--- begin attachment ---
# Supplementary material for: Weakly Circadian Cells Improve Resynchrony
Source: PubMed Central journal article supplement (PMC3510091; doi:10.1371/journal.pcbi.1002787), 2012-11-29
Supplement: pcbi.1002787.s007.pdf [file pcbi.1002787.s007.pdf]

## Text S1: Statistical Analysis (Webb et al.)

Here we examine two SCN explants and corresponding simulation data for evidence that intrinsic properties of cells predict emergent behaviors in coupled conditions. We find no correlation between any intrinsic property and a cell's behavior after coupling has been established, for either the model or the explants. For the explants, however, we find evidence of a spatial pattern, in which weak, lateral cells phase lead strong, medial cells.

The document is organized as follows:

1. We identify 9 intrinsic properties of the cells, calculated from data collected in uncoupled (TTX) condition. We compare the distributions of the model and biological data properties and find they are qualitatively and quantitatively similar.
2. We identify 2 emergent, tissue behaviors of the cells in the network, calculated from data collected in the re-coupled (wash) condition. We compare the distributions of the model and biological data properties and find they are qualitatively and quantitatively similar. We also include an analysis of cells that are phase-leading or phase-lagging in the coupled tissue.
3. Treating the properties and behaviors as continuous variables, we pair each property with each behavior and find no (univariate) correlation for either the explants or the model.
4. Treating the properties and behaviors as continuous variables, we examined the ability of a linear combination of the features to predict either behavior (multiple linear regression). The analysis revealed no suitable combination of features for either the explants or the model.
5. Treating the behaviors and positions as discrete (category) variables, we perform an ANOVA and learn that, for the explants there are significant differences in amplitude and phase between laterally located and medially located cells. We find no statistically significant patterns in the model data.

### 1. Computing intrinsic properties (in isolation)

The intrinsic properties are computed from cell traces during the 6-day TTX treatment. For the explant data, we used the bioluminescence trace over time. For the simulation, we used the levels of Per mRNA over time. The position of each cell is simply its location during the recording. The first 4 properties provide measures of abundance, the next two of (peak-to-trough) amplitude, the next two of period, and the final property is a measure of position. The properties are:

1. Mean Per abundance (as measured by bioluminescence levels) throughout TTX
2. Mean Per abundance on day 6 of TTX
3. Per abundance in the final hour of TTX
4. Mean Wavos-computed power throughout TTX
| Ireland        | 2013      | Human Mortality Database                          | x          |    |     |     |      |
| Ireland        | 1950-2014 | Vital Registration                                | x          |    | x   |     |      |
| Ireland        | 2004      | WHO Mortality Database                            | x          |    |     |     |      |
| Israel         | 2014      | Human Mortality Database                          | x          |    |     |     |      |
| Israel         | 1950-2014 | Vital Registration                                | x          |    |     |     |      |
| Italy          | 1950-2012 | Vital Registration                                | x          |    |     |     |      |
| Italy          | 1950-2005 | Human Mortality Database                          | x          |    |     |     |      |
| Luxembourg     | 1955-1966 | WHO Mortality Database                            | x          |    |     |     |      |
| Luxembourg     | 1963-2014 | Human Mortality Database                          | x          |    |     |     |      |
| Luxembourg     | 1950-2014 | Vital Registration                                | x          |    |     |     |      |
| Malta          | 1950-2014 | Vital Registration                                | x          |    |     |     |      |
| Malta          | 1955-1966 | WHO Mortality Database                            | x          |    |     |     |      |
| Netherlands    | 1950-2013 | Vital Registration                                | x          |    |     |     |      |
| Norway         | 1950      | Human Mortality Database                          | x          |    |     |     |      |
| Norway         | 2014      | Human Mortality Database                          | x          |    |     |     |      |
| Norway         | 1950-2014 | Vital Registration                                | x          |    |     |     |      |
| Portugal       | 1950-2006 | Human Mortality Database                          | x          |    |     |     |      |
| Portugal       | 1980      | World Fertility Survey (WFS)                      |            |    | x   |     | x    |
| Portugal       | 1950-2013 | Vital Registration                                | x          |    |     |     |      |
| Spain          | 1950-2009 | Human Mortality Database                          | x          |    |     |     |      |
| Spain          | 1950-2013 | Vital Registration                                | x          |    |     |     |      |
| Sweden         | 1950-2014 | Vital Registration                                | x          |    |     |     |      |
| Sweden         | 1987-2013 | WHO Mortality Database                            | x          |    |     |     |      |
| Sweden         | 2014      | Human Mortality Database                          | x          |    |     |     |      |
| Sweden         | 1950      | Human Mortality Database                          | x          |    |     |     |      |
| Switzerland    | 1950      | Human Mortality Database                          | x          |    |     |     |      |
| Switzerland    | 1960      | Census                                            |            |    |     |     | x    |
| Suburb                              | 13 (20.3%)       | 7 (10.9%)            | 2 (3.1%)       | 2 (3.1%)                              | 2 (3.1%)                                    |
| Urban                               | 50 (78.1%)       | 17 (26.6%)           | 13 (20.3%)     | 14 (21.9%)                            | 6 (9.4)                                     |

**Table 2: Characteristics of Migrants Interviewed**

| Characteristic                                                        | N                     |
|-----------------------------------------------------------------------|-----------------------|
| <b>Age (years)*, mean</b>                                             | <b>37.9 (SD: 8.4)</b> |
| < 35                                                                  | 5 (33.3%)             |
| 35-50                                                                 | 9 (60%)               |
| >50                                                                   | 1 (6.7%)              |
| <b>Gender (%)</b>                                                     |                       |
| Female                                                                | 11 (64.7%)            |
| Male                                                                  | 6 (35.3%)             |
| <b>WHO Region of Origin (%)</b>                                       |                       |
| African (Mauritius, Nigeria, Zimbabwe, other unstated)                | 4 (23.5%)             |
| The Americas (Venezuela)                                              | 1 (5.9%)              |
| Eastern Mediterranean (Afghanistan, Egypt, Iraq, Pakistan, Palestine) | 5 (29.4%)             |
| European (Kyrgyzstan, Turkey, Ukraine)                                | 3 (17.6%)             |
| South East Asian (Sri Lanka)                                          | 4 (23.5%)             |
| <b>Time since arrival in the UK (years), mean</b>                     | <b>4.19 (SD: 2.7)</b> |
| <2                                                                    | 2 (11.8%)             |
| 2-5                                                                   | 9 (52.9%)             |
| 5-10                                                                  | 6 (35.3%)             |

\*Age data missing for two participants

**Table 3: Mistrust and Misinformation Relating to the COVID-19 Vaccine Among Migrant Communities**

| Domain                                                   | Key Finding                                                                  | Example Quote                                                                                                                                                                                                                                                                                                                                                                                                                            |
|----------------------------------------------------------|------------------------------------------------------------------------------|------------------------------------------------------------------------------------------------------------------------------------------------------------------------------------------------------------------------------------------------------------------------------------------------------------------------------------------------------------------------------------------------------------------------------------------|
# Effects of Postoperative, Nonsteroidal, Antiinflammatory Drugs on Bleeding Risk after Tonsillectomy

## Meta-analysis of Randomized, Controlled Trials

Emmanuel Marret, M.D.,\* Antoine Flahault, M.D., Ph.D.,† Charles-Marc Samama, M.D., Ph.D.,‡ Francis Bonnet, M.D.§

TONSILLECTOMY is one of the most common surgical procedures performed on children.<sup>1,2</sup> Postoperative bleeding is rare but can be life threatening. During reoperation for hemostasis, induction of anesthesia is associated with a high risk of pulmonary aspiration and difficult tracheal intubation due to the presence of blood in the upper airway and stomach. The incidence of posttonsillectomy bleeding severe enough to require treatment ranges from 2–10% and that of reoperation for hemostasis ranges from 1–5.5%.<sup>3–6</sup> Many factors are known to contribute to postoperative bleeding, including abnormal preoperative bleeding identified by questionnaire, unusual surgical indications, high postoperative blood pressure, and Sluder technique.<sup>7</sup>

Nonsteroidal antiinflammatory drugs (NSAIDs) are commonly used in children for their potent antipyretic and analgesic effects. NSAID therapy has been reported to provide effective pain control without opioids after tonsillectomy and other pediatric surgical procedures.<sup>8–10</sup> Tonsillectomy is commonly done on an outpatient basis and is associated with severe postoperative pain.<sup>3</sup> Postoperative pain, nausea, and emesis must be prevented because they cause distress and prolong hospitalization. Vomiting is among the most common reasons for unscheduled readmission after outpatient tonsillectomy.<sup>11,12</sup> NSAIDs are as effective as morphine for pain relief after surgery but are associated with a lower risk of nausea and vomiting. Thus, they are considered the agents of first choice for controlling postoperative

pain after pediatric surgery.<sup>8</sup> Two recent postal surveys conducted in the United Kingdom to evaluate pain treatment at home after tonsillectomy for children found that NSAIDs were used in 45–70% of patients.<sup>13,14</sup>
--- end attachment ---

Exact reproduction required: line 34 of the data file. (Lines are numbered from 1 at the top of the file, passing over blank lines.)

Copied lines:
| Portugal       | 1950-2006 | Human Mortality Database                          | x          |    |     |     |      |